I decided to skip 3rd level altogether and in 1973 took a job with the Revenue Commissioners where I stayed until 2000, mostly in the Customs & Excise service. I walked out the door of Revenue with a business degree, determined to find my own path as an artist. Again I skipped the formal training of Art College but my immersion in the art world over the next few years taught me more than I could ever have learned in an academic setting.

I had my first professional success as a finalist in RTE’s ‘Open House’ art competition in 2002 leading to my first solo show at the Davis Gallery in Dublin which sold out. I’ve had fourteen solo shows since then and have far exceeded all of my ambitions as an artist. My work has been selected for many prestigious group shows including Royal Academy, Royal Hibernian Academy and Royal Ulster Academy annual exhibitions. Internationally I have exhibited solo at the European Parliament and represented Ireland at the Florence Biennale in 2006. At EV+A (Ireland’s foremost contemporary art showcase) in 2007 I was winner of the Curator’s Award and the Bank of Ireland Emerging Artist Award. Two pieces were purchased for the Bank’s collection.

I was very privileged to have had work exhibited in many of Dublin’s leading galleries until the recession of 2008 which forced most of them to close their doors by 2013.  

I continue to work from my studio in Bray, where I now live. I am a member of Visual Artists Ireland and the Signal Arts Society.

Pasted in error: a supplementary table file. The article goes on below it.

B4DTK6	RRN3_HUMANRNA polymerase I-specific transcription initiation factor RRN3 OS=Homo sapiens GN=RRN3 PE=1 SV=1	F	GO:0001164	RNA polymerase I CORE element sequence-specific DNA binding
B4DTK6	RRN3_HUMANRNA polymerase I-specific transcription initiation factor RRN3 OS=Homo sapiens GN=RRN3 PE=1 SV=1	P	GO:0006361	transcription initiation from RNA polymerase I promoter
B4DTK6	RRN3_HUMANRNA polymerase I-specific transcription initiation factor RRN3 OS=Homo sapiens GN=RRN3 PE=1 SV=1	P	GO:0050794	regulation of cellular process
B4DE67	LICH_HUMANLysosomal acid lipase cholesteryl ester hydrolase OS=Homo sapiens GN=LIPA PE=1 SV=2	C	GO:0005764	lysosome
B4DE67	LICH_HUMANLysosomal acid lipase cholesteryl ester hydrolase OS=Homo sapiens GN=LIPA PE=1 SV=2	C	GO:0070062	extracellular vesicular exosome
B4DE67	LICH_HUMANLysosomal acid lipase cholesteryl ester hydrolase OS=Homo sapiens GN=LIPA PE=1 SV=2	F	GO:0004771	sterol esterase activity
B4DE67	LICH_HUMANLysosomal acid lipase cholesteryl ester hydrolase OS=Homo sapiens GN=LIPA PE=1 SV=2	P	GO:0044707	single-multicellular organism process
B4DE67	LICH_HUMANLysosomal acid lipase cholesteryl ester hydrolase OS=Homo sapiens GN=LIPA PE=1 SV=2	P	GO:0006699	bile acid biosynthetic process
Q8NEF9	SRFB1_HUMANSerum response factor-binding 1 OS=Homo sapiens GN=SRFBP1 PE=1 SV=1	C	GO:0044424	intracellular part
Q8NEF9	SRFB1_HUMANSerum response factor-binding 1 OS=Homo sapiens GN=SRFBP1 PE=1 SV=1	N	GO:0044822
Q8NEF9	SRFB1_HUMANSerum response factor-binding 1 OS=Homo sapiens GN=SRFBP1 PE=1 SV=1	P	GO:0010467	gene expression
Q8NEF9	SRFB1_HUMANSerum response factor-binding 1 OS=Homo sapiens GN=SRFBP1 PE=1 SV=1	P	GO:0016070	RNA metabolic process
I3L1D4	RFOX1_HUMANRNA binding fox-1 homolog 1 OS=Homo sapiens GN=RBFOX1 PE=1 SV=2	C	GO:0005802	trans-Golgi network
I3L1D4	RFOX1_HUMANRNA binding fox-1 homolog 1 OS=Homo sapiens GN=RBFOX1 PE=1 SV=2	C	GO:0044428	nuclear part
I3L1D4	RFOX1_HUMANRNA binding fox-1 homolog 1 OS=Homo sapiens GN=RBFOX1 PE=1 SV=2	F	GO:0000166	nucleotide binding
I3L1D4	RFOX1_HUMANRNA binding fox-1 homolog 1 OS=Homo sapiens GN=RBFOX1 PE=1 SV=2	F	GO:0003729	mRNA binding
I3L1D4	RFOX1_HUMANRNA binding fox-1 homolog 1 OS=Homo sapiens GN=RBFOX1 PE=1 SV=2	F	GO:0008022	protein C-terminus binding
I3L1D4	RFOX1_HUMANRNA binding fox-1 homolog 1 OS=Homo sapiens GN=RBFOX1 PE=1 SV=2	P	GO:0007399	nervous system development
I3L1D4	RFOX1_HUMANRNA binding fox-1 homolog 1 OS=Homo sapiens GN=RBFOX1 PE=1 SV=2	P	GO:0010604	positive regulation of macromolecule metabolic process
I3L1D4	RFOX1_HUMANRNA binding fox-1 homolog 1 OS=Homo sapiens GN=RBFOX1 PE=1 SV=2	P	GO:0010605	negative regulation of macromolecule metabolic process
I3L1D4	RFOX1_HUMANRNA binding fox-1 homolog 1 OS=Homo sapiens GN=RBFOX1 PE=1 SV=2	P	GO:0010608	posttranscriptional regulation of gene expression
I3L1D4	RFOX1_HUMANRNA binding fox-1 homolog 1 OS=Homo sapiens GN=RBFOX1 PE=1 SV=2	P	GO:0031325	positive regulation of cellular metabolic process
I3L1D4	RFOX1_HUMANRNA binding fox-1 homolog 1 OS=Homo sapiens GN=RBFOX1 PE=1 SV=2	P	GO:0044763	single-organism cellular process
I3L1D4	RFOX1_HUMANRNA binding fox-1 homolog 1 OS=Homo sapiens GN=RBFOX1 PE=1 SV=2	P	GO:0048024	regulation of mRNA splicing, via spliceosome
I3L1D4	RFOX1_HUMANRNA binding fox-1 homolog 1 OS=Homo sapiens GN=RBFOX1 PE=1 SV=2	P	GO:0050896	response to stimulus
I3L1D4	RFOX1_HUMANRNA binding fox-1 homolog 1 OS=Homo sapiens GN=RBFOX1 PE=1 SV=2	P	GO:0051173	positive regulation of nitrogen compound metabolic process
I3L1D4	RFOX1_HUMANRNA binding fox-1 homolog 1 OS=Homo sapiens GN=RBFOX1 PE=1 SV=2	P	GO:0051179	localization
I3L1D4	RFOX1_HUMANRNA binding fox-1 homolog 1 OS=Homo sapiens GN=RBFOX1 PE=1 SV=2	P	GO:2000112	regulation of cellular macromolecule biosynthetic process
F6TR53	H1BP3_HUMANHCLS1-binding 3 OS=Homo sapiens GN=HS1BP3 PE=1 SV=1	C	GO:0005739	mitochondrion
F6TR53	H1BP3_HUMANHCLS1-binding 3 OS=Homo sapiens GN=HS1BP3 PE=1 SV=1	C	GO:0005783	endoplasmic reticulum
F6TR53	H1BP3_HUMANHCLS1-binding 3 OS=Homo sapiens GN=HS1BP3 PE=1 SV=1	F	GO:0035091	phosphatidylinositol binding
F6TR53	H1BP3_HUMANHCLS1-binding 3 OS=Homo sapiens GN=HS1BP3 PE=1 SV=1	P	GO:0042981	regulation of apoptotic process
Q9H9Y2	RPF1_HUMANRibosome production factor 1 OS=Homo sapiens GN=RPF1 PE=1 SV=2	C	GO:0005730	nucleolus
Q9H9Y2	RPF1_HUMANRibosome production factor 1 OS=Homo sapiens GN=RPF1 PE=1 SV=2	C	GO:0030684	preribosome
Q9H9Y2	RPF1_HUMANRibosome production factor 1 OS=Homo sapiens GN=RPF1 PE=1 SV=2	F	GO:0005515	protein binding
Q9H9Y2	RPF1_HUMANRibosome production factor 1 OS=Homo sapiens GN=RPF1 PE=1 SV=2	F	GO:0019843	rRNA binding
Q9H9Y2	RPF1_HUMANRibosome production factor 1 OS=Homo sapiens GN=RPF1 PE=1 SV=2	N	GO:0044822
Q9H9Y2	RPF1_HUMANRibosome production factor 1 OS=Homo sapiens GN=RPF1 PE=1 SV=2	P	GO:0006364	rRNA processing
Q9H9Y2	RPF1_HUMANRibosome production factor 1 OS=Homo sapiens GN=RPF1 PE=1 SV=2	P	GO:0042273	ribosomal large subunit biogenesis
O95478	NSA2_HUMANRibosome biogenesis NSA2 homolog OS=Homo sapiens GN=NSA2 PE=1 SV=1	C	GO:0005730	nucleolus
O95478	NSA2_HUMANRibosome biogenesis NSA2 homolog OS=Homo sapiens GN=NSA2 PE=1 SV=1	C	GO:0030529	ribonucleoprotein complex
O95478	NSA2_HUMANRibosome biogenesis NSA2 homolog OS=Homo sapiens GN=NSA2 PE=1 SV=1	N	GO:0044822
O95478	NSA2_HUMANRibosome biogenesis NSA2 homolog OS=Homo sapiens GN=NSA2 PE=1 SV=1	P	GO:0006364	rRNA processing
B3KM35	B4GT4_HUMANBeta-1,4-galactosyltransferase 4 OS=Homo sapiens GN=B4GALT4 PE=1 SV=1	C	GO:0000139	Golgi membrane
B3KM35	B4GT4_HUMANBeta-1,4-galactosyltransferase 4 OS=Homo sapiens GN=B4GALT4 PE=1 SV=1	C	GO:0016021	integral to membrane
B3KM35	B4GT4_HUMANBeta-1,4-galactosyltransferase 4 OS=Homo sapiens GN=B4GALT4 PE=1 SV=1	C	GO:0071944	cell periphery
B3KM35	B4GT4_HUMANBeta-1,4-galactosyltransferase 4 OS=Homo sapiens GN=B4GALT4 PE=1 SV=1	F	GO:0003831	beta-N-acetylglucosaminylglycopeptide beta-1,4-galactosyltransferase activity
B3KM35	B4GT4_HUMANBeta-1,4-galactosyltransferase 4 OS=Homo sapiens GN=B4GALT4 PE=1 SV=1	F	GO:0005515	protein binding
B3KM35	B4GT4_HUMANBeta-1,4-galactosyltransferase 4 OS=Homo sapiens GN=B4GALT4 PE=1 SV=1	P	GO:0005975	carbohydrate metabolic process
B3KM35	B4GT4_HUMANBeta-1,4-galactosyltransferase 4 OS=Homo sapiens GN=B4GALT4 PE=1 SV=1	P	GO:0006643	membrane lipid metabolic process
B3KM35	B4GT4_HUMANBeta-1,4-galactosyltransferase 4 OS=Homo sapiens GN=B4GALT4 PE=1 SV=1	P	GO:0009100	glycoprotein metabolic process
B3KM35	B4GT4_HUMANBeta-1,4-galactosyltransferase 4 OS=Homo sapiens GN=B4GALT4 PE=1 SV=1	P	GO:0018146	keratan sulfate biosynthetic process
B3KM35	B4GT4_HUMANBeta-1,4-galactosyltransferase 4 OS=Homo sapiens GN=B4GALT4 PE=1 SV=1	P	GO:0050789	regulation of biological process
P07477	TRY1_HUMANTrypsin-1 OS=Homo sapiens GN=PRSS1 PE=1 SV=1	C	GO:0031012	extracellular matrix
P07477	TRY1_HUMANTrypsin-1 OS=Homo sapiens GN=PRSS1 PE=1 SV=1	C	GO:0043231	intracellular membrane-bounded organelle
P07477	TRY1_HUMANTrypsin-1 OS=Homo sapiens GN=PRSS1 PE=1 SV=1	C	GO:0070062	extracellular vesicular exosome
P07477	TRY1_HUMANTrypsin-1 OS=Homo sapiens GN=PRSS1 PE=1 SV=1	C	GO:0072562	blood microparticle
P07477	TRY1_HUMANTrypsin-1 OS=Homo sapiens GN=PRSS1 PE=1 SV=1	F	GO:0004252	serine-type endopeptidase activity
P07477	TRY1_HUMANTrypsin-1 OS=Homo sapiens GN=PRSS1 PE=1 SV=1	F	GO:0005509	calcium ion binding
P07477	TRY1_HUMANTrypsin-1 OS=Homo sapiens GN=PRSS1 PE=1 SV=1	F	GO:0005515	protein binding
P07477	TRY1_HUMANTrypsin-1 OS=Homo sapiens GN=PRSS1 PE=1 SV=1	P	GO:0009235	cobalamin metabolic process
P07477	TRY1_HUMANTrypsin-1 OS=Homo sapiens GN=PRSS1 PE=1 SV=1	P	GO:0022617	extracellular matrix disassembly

Deirdre McGuirk, Ballyfermot, Co Dublin, 1970s

A photo of me, Brenda, my mam, aunty and brother’s arm!

The Horse Show.

“Every year there was great excitement in our household for the RDS Horse Show. This excitement was not that we were going, but we were actually taking part. OK I know that does not make sense, but in the world we live in today it could be said that we were taking part remotely!

My elder sister, brother and I, inspired by Eddie Macken, would set up a series of jumps in our back garden in Ballyfermot. All brushes, mops and buckets would be transformed into jumps in our small back garden. Our little wall in the garden was also used as a jump. We would giddy up, click and slap our hips over each jump. I cannot remember who won, all I remember was the great fun we had and we still talk about it today.

Great summers and great imaginations.”

Deirdre McGuirk.

Deirdre is originally from Ballyfermot and grew up in a family of 6 with her mam, dad and 3 siblings, close to the CIE works in Inchicore.  “Our road was a very tight-knit community and we knew all our neighbours.  We spent our days out playing in the fields and by the Liffey Bank and the Memorial Gardens.  Ballyfermot was a great place to grow up.”  Deirdre loves history and folklore and collecting traditional Irish customs.  She is now a tour guide in the NMI, Co. Mayo and is completing an MA in Public History and Cultural History.

The views expressed in all of the Snap Shots stories and photos used are those of the author and do not represent or reflect the views of the Museum of Childhood Ireland.

Keith McNulty, USA and Germany, 1980s

Pele signed this autographed photo for me on May 24, 1983

The day I met the King.

“When I was 14 years old, I met Pelé, the “King of Soccer.” It was May 24, 1983.

Pelé led the Brazilian soccer team to three world cup championships, in 1958, 1962, and 1970.  Many see him as the greatest soccer player of all time, and he coined the phrase “the beautiful game” to describe soccer. On a promotional tour for Puma, Pelé visited Germany to sign autographs.  My family lived in Düsseldorf from 1981 -1984, when my father’s company moved him to Germany with his family.  He signed autographs in Düsseldorf at the Kaufhof department store. This is where I met him.